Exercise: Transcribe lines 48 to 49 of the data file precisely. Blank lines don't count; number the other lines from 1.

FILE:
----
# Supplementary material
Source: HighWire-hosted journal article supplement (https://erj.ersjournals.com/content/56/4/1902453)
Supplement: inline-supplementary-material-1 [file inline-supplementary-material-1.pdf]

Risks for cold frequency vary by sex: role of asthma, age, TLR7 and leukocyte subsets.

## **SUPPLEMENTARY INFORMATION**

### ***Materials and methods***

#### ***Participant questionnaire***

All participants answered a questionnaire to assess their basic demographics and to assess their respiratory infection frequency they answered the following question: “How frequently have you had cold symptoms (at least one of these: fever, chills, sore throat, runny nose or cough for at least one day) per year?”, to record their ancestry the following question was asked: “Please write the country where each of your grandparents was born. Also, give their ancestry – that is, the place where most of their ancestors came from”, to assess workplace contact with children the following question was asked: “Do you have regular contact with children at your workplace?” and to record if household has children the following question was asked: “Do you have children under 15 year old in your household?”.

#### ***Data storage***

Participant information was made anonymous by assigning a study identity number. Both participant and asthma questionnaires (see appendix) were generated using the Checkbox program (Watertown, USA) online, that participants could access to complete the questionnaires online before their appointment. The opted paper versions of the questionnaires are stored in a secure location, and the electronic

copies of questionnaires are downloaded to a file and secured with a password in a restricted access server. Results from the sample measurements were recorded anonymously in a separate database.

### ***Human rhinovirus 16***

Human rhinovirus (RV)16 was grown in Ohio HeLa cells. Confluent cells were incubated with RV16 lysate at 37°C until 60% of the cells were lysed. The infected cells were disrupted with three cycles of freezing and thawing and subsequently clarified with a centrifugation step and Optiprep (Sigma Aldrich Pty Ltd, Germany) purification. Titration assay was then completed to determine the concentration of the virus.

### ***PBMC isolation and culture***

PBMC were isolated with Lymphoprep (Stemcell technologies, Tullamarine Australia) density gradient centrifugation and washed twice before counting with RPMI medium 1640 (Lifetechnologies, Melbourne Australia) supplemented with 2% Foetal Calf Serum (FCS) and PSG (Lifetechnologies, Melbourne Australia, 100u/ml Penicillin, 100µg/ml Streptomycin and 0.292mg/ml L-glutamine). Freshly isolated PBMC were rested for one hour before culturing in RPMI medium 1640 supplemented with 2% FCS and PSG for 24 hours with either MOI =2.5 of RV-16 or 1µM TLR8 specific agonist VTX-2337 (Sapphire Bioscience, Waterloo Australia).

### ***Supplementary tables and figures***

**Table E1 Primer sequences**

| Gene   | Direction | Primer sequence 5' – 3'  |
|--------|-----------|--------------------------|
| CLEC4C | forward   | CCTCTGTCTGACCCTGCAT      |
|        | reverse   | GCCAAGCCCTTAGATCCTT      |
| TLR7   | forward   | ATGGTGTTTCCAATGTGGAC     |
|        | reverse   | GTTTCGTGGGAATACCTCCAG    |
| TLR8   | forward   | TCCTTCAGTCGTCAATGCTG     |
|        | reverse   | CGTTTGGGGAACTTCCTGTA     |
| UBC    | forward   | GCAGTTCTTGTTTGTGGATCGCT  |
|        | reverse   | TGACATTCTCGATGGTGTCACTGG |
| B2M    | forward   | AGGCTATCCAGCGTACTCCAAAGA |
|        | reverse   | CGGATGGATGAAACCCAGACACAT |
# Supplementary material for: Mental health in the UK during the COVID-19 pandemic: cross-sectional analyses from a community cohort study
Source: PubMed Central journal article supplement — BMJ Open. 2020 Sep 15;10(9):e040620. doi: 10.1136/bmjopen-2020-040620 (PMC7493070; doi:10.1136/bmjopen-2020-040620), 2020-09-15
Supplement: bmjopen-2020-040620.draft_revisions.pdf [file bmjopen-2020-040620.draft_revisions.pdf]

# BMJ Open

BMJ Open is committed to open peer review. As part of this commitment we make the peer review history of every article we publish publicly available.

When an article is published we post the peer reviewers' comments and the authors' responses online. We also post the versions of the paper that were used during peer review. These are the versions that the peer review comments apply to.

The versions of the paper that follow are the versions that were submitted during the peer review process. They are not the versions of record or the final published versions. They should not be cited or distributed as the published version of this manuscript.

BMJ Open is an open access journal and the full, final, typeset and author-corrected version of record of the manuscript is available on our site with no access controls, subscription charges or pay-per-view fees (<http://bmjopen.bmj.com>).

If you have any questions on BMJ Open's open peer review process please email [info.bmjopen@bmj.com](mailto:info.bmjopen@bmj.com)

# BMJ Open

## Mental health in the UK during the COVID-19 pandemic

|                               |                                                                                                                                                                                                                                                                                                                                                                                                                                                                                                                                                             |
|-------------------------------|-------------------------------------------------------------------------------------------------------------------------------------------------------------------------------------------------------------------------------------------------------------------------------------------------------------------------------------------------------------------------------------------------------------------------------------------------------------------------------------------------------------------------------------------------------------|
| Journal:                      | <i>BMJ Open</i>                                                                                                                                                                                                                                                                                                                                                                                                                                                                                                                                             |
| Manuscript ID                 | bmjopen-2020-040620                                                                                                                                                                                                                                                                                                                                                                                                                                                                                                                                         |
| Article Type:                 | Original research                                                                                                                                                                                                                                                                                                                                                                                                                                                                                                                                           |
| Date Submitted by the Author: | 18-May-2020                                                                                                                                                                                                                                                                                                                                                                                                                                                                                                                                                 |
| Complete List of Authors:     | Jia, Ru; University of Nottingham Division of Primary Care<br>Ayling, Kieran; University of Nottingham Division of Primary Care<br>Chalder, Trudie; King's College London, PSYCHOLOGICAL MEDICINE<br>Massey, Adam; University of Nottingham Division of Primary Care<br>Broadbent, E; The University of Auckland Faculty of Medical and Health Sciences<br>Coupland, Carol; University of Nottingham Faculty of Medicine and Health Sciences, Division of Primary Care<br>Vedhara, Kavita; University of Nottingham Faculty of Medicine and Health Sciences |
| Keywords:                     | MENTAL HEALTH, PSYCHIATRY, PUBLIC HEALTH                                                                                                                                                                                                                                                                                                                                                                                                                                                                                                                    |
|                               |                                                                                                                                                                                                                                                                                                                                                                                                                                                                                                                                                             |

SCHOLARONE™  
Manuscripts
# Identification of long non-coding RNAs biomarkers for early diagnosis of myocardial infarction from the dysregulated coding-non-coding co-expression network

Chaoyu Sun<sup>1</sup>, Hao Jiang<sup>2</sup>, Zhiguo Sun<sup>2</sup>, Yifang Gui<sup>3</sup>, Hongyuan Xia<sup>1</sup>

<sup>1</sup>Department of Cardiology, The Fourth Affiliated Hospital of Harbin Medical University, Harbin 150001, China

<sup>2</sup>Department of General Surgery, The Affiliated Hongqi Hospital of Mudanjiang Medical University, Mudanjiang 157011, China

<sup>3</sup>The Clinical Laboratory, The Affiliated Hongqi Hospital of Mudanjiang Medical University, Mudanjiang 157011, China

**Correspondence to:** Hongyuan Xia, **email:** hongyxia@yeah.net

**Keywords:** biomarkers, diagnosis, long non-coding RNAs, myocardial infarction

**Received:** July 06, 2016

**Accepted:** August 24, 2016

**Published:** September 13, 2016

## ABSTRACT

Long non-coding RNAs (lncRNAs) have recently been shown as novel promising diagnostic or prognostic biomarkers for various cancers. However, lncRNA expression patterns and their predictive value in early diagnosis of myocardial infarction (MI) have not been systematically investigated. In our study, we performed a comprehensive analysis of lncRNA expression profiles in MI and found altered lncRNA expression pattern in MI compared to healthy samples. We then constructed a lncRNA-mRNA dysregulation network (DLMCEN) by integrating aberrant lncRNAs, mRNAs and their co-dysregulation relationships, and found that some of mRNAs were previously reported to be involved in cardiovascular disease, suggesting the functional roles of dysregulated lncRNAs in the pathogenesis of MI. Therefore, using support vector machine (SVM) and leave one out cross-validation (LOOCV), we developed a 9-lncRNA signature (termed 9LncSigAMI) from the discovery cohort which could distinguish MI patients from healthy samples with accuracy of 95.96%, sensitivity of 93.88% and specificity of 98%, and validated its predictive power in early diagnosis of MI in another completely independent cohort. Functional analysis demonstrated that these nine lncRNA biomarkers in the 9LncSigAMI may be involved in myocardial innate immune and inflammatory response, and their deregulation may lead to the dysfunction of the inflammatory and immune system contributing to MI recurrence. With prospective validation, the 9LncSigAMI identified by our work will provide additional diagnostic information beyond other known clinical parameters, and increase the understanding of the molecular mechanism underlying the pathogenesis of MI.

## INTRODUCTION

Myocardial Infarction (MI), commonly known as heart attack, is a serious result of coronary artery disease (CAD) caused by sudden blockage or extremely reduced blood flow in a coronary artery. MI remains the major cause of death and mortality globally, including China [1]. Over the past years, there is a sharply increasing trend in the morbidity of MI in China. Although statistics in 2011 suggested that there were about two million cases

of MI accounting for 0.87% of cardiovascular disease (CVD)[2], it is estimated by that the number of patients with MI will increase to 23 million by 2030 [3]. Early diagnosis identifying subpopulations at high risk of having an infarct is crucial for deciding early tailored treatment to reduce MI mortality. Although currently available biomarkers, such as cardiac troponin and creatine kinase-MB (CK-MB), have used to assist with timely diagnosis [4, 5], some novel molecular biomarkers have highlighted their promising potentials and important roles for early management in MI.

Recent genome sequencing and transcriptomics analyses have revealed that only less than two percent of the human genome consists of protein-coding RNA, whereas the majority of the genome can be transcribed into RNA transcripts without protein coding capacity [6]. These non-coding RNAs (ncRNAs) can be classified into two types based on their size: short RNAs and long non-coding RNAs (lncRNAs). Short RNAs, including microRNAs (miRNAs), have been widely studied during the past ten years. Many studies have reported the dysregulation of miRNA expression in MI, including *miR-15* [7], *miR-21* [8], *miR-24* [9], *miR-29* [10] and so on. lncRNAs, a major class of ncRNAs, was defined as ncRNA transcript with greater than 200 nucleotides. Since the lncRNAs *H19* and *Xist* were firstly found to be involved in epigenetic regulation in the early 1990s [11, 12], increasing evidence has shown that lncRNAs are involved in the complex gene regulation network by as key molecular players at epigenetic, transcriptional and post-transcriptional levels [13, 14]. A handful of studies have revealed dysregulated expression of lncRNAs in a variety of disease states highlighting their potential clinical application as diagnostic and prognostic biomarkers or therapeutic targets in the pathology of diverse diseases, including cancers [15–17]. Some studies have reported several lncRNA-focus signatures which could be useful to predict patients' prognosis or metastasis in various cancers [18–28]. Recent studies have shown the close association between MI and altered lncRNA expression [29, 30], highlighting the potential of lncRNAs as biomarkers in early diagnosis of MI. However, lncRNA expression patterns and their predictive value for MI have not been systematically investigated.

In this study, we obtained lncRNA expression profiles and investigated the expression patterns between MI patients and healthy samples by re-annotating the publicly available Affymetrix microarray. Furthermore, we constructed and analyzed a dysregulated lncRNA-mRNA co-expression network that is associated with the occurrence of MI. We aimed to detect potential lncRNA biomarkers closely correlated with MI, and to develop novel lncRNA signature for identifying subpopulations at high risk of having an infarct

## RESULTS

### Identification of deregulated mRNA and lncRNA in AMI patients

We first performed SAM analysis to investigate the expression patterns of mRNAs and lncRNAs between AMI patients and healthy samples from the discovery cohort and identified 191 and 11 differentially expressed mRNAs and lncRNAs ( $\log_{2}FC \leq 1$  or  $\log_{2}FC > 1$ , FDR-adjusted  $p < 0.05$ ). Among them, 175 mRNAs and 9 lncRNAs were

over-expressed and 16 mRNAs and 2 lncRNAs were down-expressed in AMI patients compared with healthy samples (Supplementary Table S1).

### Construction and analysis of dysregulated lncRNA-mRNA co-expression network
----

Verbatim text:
| Keywords:                     | MENTAL HEALTH, PSYCHIATRY, PUBLIC HEALTH                                                                                                                                                                                                                                                                                                                                                                                                                                                                                                                    |
|                               |                                                                                                                                                                                                                                                                                                                                                                                                                                                                                                                                                             |